At a recent church get together, somehow the conversation turned to—I can’t remember what. But I seized the opportunity to drag myself into it.
Once upon a time, I told my politely listening friends, back when I was single and very involved in children’s ministry at my church, I bought a new Sunday dress.
At the time my hair was dark dark brown. I had a bit of a tan and thought a red dress would look nice.
It was a shirt dress. It fit well. It was comfortable. I paid decent money for it.
But I didn’t particularly like it, or feel pretty in it.
The color was a sort of tomato-red as opposed to any other red in the known universe that would have been more flattering.
Maybe that was it.
I wore it. About every third or fourth week.
One Sunday I and my tomato red dress popped into the Sunday school room.
I greeted my littles.
One of my little ones, in the sort of tone one might use facing tuna noodle casserole for the fourth night in a row, greeted me back with, “Oh. You’re wearing that dress again.”
The tomato dress went to the thrift shop the next morning.
I’d like to say the moral of the story is to trust your instincts. Never wear clothing you don’t feel pretty in. Or that makes small children sad.
But my next story demonstrates what makes this post a cautionary tale. Instincts aren’t always reliable.
Years back a church lady, talking about Jesus’ friends Mary and Martha, observed, “Mary might have chosen the better way, but I’d rather be on committees with Martha.”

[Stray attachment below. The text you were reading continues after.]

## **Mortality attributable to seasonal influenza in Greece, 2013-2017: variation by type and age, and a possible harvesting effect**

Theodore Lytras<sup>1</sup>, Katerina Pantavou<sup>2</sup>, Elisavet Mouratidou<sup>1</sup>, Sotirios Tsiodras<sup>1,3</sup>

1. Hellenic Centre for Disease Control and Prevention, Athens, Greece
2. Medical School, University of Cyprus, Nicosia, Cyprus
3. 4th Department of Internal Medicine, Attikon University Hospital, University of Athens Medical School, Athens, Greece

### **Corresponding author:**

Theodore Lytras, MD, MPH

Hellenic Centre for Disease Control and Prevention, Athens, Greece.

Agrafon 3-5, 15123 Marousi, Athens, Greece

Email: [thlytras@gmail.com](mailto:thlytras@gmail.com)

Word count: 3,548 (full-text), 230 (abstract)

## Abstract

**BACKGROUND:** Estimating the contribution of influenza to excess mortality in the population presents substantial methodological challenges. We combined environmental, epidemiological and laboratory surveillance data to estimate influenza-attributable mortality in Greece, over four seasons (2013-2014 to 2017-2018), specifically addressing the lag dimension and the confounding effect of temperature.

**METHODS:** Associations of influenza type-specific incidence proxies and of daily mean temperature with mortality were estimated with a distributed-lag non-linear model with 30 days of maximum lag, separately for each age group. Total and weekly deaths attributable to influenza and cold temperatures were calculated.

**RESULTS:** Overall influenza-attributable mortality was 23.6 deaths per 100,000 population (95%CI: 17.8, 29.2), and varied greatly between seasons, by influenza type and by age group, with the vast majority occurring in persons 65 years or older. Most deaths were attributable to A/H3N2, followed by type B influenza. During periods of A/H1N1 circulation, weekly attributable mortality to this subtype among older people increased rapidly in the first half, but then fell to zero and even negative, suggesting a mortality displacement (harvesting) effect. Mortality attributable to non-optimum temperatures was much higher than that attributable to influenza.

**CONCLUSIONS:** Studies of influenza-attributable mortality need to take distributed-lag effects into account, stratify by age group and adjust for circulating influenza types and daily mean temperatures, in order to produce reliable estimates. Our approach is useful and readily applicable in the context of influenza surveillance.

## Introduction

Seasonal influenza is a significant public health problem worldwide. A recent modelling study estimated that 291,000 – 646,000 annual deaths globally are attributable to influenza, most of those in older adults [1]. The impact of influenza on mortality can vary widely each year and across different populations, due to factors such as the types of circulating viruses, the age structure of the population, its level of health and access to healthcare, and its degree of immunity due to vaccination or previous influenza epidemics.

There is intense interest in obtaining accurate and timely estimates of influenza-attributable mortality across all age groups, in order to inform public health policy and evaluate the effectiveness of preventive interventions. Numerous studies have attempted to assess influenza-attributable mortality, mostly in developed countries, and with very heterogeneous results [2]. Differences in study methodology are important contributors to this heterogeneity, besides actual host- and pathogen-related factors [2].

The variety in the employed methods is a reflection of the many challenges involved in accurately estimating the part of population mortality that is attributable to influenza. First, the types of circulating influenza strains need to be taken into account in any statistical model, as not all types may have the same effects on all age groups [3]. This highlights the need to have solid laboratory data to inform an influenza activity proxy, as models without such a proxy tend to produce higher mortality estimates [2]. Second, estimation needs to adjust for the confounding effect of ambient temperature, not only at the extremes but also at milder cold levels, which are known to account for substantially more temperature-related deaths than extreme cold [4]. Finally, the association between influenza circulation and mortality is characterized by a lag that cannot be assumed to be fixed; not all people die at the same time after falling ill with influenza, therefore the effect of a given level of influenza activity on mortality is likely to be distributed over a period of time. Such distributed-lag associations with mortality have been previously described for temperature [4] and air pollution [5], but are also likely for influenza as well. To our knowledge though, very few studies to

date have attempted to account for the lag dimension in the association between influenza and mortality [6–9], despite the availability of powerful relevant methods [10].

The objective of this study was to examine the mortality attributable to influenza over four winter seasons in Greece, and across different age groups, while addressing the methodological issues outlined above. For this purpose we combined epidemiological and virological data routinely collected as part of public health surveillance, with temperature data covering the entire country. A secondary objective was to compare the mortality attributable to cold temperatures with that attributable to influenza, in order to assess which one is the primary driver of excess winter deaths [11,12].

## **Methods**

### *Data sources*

That stuck with me, especially since I’ve fought a lifelong battle against being the sluggard in Proverbs. The one who’s supposed to go to the ant for instruction on hard work.
My instincts tell me to work harder, do more, serve better. Because no one likes sluggards, and most hard-working women aren’t even that fond of Mary types.
So when we hosted a retired missionary and his wife for dinner, I worked like crazy to make certain the house was clean and cozy, our meal the right balance of nourishing and attractive and tasty, and the beverages stayed filled.
But, meals for guests being what they are, the potatoes didn’t cook as fast as the veggies and the meat looked underdone and the serving platter had water spots and apparently the slotted spoon ran away with the dish.
Once my sweating self got everyone fed it was time to clear away, get the coffee going, provide tea for non-coffee drinkers, cut the dessert and polish more water spots off the forks.
My instincts kept prodding me. “No sluggards allowed. Make the Marthas of the world proud. Keep moving and provide for every possible need of your guests.”
At one point the missionary’s dear wife caught at my arm as I bustled my busy way back into the kitchen for the umpteenth time. “Anita, we’re fine. Just sit down and talk to me!”
But those blasted instincts keep pushing and I chugged to and fro, Martha personified, giving the guests everything but what they wanted.
They left that afternoon and I never made the time to sit and chat, and I never saw that dear woman again. She’s in heaven now, sitting at Jesus’ feet with Mary. AND Martha.
I am left with regrets.
And justified suspicion of my instincts. They were right about Tomato Dress. Wrong about the Importance of Being Martha.
I’ll probably never sort them out.
In the meantime I avoid clothing that makes small children sad, work hard at working hard and harder at investing in relationships. When I get it wrong, as I often will, I’ll rest assured that, ultimately, it will come out right in the wash.
Image by Shutterbug75 from Pixabay